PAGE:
However, I would argue that the destruction of war infrastructure does not always equate to destruction of an enemy's will to fight. In fact, it can achieve quite the opposite. As with many articles, Alperovitz completely overlooks or simplifies the strict military mindset that dominated Japanese culture before and during WWII--as well as the vast atrocities committed in the emperor's name, including incomprehensible genocide in China. The Bushido, or "the way of the warrior," inhibited any other potentials for peace unless the hopelessness of Japan's cause could be conveyed through something even more terrible than firebombings.

Prior casualties on Iwo Jima, Okinawa, and Saipan in 1945 are not indicative of an enemy losing their resolve. Each of those battles carries a similar narrative: The Japanese were out-manned, outgunned, under-supplied, cut off, and devoutly defending their home turf. Yet, they fought on with extremism that astounded their adversaries. Thousands of Japanese schoolchildren were being trained with bamboo pikes to await the onslaught. Buildups of Japanese troops around Kyushu and other potential invasion landing sites reveal the same. 5,000 American naval personnel were killed in Kamikaze attacks in the months prior. On Iwo Jima that February and March, commander Tadamichi Kuribayashi order his troops not to commit suicide banzai attacks--yet they did. Some 20,000 Japanese civilians committed suicide on Saipan rather than submit to American invaders. In what alternative universe could we think the situation would be different on the Japanese homeland if it were invaded?

Even if the Japanese government desired to surrender, Americans felt there was no guarantee the military or the populace would follow suit. These fears nearly materialized on August 14, 1945--the day before Japan announced surrender. Known as the Kyūjō Incident, sects of the military attempted a coup at the Emperor's Palace in the hope of preventing unconditional surrender. The Allies had little way of knowing whether or not such potential uprisings could be widespread.

MIT Scientist Karl Compton visited Japan to survey the destruction shortly after the war. He wrote in an article in The Atlantic:

"About a week after V-J Day I was one of a small group of scientists and engineers interrogating an intelligent, well-informed Japanese Army officer in Yokohama. We asked him what, in his opinion, would have been the next major move if the war had continued. He replied: "You would probably have tried to invade our homeland with a landing operation on Kyushu about November 1. I think the attack would have been made on such and such beaches."

"'Could you have repelled this landing?' we asked, and he answered: 'It would have been a very desperate fight, but I do not think we could have stopped you.'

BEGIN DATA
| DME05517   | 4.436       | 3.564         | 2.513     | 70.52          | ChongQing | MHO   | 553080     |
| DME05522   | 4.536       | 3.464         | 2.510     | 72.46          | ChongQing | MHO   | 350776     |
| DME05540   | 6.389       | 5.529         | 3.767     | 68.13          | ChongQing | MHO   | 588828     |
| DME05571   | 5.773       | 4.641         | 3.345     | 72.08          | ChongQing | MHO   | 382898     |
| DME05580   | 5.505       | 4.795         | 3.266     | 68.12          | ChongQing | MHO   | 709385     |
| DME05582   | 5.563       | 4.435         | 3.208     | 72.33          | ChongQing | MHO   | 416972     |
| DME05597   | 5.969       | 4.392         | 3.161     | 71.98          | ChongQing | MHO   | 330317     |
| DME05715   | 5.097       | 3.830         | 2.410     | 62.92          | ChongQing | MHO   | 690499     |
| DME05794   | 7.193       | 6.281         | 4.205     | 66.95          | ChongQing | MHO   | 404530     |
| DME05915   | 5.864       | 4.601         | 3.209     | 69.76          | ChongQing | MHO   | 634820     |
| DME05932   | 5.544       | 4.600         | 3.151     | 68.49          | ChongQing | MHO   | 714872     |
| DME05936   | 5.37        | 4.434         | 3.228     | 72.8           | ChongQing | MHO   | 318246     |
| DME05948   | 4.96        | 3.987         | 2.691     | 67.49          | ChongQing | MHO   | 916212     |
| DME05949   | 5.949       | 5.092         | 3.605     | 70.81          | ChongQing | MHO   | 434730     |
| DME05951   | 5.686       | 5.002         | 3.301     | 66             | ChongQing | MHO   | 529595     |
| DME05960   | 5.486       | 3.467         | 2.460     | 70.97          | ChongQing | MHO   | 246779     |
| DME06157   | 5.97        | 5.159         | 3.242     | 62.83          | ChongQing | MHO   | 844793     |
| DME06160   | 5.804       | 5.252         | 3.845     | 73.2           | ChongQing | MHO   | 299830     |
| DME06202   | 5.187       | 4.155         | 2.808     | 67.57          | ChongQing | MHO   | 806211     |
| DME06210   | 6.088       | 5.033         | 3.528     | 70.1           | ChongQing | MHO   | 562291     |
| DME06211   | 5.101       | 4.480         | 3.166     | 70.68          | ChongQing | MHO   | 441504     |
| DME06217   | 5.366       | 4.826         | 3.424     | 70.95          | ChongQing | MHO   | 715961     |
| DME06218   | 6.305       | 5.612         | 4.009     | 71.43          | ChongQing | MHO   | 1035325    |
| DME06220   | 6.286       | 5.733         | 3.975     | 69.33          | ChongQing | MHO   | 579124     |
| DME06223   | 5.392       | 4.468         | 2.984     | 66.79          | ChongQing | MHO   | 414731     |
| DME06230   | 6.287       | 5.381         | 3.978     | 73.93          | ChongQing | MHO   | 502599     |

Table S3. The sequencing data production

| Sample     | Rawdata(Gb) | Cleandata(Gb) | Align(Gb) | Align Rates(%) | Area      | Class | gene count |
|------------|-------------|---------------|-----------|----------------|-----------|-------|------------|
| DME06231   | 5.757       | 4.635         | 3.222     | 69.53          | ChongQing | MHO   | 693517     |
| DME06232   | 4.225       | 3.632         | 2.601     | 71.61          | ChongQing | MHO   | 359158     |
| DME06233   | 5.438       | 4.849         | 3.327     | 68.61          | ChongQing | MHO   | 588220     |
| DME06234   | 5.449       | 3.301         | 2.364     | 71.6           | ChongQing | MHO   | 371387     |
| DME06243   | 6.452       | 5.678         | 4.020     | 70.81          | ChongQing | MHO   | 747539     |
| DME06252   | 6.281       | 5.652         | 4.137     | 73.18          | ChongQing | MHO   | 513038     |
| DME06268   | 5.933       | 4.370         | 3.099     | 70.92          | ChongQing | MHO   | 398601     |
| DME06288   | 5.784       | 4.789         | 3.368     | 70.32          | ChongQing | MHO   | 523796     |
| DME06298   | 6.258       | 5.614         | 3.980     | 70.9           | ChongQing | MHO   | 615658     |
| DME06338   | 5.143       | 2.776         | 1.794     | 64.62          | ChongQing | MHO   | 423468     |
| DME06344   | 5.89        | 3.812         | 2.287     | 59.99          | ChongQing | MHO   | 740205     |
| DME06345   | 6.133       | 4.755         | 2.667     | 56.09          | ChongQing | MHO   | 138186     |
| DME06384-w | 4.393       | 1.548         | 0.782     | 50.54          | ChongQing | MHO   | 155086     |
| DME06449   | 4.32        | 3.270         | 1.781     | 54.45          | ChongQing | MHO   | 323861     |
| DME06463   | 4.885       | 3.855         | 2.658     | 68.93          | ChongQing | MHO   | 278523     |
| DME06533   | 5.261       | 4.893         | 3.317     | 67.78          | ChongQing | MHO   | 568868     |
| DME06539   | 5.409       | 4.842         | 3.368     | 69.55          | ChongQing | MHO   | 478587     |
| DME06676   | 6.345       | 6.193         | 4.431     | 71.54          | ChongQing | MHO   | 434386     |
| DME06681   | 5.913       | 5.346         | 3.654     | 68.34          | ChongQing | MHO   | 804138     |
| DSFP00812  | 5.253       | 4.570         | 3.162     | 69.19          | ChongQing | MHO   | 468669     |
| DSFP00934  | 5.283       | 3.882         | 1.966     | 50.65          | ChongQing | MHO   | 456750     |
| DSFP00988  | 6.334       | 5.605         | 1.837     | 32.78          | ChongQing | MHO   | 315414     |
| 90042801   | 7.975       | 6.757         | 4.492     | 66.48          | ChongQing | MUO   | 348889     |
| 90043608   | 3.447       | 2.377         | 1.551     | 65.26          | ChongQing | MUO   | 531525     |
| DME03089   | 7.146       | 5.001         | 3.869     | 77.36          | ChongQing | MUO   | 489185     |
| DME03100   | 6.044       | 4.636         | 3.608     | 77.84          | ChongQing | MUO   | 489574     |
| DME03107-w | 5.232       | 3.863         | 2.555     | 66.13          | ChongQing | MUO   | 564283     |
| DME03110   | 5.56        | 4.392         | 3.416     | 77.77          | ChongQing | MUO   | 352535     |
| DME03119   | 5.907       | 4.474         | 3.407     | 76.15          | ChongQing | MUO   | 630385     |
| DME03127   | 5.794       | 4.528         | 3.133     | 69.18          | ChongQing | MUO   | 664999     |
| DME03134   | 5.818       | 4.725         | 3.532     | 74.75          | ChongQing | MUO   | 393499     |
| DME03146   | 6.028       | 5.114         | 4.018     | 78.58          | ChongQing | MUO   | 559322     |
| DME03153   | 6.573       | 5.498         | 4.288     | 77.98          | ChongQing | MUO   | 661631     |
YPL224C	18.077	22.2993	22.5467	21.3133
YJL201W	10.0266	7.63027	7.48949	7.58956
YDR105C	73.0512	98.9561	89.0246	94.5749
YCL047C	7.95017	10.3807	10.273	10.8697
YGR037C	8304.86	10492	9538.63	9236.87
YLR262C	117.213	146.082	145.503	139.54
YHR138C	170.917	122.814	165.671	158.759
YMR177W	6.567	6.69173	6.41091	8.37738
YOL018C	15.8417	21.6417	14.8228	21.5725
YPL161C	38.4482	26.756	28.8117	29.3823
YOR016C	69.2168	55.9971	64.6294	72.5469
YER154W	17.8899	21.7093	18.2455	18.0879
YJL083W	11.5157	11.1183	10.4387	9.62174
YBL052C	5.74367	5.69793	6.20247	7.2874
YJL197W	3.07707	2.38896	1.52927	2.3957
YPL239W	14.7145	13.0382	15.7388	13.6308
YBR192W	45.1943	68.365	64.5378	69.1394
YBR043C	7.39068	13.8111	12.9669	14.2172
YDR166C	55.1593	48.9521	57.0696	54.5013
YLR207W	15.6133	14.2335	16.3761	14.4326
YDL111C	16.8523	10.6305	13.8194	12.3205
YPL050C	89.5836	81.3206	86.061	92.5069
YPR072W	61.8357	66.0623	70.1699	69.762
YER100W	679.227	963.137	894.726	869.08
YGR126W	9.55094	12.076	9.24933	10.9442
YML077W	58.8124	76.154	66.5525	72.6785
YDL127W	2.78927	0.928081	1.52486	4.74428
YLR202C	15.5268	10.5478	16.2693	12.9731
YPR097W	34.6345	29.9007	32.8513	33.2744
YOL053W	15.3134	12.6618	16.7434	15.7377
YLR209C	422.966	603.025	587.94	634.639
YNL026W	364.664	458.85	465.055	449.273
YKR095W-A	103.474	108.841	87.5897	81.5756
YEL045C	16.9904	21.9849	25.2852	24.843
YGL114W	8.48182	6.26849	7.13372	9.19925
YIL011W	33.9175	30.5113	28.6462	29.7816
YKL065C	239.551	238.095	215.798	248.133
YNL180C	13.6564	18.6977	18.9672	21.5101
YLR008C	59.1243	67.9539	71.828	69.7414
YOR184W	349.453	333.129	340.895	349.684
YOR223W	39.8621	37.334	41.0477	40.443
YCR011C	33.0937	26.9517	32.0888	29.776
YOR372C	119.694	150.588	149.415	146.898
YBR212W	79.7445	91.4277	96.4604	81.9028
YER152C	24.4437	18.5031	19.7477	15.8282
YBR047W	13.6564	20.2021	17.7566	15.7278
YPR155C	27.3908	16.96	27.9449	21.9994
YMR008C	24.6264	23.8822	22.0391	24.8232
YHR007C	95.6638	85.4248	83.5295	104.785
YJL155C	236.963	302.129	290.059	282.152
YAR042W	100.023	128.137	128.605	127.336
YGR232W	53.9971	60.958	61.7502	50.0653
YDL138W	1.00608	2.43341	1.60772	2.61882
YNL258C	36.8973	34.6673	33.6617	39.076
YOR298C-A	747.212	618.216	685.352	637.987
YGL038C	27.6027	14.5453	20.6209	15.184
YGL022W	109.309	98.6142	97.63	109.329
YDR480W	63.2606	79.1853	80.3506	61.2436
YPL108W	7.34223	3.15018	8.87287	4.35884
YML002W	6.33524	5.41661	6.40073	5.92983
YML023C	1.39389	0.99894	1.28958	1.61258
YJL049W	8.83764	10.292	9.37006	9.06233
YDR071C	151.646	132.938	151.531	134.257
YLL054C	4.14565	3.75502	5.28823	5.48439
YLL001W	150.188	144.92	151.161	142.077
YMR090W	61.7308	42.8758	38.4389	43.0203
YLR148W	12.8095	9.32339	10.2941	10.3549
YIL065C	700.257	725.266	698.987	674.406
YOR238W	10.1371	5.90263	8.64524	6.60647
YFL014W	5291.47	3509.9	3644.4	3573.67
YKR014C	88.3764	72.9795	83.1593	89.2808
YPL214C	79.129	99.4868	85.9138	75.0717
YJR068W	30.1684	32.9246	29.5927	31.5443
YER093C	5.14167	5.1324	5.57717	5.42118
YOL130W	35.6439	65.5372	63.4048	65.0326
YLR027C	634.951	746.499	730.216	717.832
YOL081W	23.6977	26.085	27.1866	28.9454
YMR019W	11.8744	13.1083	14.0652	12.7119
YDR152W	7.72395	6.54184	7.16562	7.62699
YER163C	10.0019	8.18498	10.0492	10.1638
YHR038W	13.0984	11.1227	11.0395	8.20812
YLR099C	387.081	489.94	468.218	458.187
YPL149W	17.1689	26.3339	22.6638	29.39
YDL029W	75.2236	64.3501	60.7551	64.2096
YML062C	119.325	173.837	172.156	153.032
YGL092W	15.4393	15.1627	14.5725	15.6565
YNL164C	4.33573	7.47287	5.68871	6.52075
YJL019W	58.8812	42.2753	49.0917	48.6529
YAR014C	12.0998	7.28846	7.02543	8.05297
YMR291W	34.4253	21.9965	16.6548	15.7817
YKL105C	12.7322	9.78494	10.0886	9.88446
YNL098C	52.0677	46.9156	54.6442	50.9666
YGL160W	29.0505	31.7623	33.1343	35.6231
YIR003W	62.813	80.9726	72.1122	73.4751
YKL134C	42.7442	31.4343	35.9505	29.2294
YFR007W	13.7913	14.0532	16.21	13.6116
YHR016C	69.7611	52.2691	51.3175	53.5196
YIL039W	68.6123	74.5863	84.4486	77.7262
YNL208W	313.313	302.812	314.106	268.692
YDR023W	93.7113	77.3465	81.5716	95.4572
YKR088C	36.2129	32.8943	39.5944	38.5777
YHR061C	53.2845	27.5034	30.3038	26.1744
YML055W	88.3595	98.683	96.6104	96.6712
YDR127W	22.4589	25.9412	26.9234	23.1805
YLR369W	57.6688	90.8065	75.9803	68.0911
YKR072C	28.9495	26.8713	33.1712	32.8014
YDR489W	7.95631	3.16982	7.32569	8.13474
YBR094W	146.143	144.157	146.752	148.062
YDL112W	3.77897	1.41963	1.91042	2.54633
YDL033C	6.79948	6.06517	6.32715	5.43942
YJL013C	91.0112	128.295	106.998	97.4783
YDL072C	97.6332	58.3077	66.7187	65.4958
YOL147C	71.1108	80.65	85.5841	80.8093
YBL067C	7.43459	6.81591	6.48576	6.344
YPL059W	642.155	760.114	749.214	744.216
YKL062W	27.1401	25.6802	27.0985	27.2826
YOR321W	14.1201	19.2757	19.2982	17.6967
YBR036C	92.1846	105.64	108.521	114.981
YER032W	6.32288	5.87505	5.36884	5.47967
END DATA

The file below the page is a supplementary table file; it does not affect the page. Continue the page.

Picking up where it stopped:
"'What would have happened then?' we asked.

"He replied: 'We would have kept on fighting until all Japanese were killed, but we would not have been defeated,' by which he meant that they would not have been disgraced by surrender."

Compton's encounter reveals that a lack of planes, carriers, and tanks would not equate to complete or peaceful surrender. That would require something far more terrible that came in the form of Oppenheimer's devastating creation. The tens of thousands lost at Hiroshima and Nagasaki was truly horrendous. Yet Compton also wrote, "No American soldier who survived the bloody struggles on these [Pacific] islands has much sympathy with the view that battle with the Japanese was over as soon as it was clear that their ultimate situation was hopeless." This observation rests at the heart of the argument.

However, many generals were opposed to the bombings. According to another account: "On September 20, 1945 the famous 'hawk' who commanded the Twenty-First Bomber Command, Major General Curtis E. LeMay publicly said flatly at one press conference that the atomic bomb 'had nothing to do with the end of the war.' He said the war would have been over in two weeks without the use of the atomic bomb or the Russian entry into the war." This claim is dubious at best. To say that Russia's entry into the war had no bearing in Japan's surrender it outlandish. The statement also infers that LeMay was on the defensive, boasting of the efficiency of his firebombings in the lead up to atomic weapons. While many generals spoke out afterward, most were silent on the issue as matters were unfolding. Some were not in the information loop until after the fact. Not even Truman knew the full details of the Manhattan Project until he was sworn in after FDR's death. Admiral William Leahy (who was opposed to the dropping of the bomb) did not think the weapon would work, and was surprised when it did. It is not out of the question that many generals were trying to save face in the bombs' aftermath. The notion that a single bomb could outmatch months or years of their meticulous strategic planning was surely surprising if not shocking.